The cancer-modelling field is now experiencing a conversion with the recent emergence of the RNA-programmable CRISPR-Cas9 system, a flexible methodology to produce essentially any desired modification in the genome. Cancer is a multistep process that involves many genetic mutations and other genome rearrangements. [...] Read more.
The cancer-modelling field is now experiencing a conversion with the recent emergence of the RNA-programmable CRISPR-Cas9 system, a flexible methodology to produce essentially any desired modification in the genome. Cancer is a multistep process that involves many genetic mutations and other genome rearrangements. Despite their importance, it is difficult to recapitulate the degree of genetic complexity found in patient tumors. The CRISPR-Cas9 system for genome editing has been proven as a robust technology that makes it possible to generate cellular and animal models that recapitulate those cooperative alterations rapidly and at low cost. In this review, we will discuss the innovative applications of the CRISPR-Cas9 system to generate new models, providing a new way to interrogate the development and progression of cancers. Full article
(This article belongs to the Special Issue Genome Editing)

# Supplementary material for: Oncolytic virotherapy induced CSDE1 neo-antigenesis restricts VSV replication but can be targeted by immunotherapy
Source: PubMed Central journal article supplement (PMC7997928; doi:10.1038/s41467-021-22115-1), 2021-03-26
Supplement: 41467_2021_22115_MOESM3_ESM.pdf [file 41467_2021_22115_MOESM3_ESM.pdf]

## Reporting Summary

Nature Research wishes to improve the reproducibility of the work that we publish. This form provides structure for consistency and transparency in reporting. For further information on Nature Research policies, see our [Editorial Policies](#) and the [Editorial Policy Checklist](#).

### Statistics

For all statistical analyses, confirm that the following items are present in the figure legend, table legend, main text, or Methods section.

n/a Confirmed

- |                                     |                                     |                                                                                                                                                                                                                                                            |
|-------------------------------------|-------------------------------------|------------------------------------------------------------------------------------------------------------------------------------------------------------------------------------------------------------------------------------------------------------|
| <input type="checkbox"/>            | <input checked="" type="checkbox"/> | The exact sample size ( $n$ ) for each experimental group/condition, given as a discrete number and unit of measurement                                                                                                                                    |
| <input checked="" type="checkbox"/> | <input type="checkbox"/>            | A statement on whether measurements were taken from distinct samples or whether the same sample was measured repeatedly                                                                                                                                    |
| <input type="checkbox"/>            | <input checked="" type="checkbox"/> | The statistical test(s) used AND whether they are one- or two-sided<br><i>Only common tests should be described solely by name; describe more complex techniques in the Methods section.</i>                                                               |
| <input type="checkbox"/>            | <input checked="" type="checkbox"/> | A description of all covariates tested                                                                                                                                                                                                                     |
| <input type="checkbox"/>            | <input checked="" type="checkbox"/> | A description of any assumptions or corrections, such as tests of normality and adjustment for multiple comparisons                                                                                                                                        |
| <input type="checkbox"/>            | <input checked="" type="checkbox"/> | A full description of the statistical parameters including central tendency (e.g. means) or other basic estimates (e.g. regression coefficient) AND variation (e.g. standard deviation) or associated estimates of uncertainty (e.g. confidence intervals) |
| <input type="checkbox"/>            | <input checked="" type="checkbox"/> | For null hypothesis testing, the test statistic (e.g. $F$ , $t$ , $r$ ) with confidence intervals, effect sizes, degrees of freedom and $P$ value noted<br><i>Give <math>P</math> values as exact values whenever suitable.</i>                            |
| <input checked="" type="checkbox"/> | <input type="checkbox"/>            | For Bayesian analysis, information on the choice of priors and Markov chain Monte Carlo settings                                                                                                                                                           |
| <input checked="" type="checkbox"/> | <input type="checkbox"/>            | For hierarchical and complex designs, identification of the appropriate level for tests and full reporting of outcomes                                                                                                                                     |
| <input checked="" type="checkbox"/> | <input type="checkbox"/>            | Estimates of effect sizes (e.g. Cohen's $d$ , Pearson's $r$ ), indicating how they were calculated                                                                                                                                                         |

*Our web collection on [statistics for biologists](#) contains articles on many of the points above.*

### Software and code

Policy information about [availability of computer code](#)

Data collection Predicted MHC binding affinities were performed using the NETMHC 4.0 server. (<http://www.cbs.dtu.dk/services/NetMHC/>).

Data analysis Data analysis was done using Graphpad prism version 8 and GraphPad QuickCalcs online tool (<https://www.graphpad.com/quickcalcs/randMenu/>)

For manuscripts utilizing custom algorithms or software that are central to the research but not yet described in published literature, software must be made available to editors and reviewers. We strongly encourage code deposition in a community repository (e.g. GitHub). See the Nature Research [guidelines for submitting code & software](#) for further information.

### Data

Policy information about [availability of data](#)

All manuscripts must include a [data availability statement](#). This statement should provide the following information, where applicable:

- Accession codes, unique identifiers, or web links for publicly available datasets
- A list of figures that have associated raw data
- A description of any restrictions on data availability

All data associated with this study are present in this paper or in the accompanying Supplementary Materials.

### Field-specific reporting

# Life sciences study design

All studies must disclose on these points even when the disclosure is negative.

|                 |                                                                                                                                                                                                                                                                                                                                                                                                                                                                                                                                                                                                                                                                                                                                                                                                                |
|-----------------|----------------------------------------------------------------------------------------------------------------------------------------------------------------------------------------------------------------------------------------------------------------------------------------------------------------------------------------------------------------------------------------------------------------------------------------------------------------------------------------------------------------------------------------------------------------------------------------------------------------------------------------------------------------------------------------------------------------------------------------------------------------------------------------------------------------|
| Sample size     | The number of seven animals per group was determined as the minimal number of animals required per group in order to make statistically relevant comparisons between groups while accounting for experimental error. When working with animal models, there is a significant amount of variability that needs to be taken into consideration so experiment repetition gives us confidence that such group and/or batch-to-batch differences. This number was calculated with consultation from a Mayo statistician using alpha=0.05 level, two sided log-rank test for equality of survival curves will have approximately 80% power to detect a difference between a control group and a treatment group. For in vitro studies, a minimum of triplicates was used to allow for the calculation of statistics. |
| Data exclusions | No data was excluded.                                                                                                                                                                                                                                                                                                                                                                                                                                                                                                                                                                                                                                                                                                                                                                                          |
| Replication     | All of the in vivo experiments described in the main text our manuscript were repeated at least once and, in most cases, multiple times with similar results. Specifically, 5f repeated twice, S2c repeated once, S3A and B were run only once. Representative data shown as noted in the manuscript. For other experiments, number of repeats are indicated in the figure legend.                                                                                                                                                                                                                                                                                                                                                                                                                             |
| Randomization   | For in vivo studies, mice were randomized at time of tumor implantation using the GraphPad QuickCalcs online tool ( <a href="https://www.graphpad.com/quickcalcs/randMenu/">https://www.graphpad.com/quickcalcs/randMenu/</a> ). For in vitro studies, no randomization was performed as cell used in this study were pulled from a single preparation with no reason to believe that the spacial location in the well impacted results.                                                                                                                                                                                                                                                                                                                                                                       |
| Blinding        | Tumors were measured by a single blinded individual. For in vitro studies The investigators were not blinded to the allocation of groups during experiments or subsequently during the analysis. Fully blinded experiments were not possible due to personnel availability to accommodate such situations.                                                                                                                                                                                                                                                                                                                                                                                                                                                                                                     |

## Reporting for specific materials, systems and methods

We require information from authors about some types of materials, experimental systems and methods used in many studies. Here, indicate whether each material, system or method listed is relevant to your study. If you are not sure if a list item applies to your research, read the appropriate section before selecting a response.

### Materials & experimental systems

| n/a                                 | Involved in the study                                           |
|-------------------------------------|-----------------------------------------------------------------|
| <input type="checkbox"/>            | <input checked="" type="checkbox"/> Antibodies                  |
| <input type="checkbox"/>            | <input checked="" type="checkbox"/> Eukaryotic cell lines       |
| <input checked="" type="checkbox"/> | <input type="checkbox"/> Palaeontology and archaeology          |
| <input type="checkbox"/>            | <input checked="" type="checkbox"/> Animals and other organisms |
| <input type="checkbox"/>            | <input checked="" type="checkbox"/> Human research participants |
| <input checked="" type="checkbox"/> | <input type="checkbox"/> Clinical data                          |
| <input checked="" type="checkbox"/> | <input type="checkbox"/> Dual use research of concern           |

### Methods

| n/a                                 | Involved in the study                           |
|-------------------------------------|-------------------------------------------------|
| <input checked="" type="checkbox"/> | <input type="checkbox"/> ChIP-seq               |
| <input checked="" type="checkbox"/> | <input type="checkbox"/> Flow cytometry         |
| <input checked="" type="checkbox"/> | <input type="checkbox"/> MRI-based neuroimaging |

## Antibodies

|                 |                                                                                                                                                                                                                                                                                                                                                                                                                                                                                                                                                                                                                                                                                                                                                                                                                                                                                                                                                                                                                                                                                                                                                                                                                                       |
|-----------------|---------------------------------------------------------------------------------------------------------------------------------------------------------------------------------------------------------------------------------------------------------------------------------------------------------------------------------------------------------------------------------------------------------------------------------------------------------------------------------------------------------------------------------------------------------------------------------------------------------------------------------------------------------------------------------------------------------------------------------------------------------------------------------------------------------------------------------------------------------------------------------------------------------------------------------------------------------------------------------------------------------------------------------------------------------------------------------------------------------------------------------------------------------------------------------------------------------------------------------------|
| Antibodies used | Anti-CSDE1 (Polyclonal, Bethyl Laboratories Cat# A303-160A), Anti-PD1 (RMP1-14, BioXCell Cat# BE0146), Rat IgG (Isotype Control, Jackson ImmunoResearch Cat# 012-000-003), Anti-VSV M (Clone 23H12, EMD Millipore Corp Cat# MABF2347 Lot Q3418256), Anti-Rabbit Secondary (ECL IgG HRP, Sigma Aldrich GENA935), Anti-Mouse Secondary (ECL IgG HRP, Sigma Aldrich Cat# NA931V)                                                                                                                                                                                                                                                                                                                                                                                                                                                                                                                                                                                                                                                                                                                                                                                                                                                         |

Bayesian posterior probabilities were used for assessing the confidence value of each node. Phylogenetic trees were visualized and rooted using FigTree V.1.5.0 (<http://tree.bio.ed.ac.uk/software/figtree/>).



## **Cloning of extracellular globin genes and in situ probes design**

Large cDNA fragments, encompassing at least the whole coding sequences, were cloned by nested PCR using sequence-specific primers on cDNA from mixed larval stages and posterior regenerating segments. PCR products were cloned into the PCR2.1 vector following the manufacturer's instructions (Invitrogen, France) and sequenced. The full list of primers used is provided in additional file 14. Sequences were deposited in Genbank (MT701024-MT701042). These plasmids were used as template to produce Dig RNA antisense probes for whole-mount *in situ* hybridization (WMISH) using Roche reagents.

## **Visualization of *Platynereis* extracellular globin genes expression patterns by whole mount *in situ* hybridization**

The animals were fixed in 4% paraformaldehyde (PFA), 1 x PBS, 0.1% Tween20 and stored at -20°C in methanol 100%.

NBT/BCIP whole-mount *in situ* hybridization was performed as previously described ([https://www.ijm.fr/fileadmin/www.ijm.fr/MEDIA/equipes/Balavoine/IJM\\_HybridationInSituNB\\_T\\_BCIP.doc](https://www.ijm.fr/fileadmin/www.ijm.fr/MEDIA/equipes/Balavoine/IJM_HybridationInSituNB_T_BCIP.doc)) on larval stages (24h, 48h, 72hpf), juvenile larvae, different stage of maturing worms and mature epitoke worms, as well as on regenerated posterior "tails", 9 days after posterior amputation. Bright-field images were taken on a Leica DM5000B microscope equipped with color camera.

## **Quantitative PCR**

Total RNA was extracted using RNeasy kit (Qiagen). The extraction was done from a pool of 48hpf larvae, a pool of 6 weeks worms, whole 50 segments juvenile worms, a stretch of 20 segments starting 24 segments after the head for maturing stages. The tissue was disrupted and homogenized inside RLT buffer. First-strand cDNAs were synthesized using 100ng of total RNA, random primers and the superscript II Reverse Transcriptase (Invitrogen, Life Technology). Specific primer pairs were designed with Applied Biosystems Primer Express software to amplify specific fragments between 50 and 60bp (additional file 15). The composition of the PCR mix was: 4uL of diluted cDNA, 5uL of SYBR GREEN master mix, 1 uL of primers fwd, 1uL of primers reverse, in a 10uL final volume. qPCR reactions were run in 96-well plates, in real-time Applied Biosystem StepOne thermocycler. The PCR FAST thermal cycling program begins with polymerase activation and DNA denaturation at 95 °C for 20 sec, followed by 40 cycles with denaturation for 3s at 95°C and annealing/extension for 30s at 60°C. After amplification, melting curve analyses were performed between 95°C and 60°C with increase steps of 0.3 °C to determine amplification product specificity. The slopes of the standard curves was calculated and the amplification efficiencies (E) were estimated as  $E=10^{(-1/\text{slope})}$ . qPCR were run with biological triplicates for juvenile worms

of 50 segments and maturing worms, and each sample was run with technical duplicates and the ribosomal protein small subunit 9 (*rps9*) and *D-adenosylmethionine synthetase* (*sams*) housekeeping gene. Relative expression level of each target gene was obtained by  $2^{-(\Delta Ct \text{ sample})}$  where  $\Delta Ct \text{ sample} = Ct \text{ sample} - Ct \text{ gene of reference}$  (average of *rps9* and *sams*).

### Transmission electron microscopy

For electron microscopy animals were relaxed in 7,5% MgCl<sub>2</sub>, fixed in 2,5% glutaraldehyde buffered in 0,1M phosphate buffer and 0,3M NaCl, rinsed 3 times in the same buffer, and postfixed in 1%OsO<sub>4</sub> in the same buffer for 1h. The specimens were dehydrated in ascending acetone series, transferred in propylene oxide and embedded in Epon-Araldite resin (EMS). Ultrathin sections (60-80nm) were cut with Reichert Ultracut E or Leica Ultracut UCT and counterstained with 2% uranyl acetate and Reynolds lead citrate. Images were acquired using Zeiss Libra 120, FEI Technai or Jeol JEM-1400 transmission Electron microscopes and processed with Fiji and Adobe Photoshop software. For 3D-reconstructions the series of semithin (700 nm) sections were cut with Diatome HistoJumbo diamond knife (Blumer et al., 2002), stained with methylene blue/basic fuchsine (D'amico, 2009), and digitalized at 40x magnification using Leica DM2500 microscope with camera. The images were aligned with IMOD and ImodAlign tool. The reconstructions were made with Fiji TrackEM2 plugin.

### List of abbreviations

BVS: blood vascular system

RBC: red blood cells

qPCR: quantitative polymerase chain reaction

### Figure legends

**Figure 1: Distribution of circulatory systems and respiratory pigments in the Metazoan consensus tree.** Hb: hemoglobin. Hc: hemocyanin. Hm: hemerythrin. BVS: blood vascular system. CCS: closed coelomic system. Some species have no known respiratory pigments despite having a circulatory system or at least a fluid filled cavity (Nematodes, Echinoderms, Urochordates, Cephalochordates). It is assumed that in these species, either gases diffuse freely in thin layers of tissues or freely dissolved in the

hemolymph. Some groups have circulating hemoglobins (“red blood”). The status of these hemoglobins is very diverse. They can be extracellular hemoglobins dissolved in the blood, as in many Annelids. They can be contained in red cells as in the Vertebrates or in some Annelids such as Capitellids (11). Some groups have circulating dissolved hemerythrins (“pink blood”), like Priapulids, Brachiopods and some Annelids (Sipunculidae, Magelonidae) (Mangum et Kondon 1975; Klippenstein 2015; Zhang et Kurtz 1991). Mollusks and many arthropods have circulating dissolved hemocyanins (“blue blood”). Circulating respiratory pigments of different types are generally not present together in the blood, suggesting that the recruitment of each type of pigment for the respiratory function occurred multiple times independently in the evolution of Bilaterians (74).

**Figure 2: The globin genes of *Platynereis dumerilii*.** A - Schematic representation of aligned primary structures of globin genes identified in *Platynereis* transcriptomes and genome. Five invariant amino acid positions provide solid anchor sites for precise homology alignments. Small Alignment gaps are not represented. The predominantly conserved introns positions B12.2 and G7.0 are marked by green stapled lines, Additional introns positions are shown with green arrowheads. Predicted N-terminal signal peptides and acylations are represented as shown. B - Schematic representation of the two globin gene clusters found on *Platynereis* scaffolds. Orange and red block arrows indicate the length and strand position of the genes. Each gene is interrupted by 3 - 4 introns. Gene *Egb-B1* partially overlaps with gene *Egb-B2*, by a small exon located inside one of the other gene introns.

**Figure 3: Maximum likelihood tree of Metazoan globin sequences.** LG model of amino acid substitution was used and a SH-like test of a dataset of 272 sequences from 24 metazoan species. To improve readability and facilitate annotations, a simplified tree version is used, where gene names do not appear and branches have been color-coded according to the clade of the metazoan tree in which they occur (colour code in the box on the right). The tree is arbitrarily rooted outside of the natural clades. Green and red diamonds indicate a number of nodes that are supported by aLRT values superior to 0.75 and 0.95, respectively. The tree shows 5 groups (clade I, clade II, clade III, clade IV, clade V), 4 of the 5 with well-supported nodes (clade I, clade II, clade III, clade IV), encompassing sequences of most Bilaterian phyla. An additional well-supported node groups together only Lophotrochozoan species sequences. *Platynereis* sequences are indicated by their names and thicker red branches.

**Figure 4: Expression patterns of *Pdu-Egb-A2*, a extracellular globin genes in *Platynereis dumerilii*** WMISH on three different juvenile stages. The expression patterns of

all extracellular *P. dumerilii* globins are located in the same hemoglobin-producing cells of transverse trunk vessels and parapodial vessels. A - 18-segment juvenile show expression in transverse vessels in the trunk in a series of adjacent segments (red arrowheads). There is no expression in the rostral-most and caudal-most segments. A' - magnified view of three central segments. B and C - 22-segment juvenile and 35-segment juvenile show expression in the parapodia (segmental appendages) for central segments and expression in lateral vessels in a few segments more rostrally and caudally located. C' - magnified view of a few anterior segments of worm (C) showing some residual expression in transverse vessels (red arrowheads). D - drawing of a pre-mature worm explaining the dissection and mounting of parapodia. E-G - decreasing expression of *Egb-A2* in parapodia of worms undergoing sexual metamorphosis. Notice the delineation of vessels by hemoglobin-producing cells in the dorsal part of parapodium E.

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Open AccessReview
Isolation of Specific Genomic Regions and Identification of Their Associated Molecules by Engineered DNA-Binding Molecule-Mediated Chromatin Immunoprecipitation (enChIP) Using the CRISPR System and TAL Proteins
Int. J. Mol. Sci. 2015, 16(9), 21802-21812; https://doi.org/10.3390/ijms160921802 - 09 Sep 2015
Cited by 10
Abstract
Comprehensive understanding of genome functions requires identification of molecules (proteins, RNAs, genomic regions, etc.) bound to specific genomic regions of interest in vivo. To perform biochemical and molecular biological analysis of specific genomic regions, we developed engineered DNA-binding molecule-mediated chromatin immunoprecipitation [...] Read more.
Comprehensive understanding of genome functions requires identification of molecules (proteins, RNAs, genomic regions, etc.) bound to specific genomic regions of interest in vivo. To perform biochemical and molecular biological analysis of specific genomic regions, we developed engineered DNA-binding molecule-mediated chromatin immunoprecipitation (enChIP) to purify genomic regions of interest. In enChIP, specific genomic regions are tagged for biochemical purification using engineered DNA-binding molecules, such as transcription activator-like (TAL) proteins and a catalytically inactive form of the clustered regularly interspaced short palindromic repeats (CRISPR) system. enChIP is a comprehensive approach that emphasizes non-biased search using next-generation sequencing (NGS), microarrays, mass spectrometry (MS), and other methods. Moreover, this approach is not restricted to cultured cell lines and can be easily extended to organisms. In this review, we discuss applications of enChIP to elucidating the molecular mechanisms underlying genome functions. Full article
(This article belongs to the Special Issue Genome Editing)
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Open AccessReview
Single-Base Pair Genome Editing in Human Cells by Using Site-Specific Endonucleases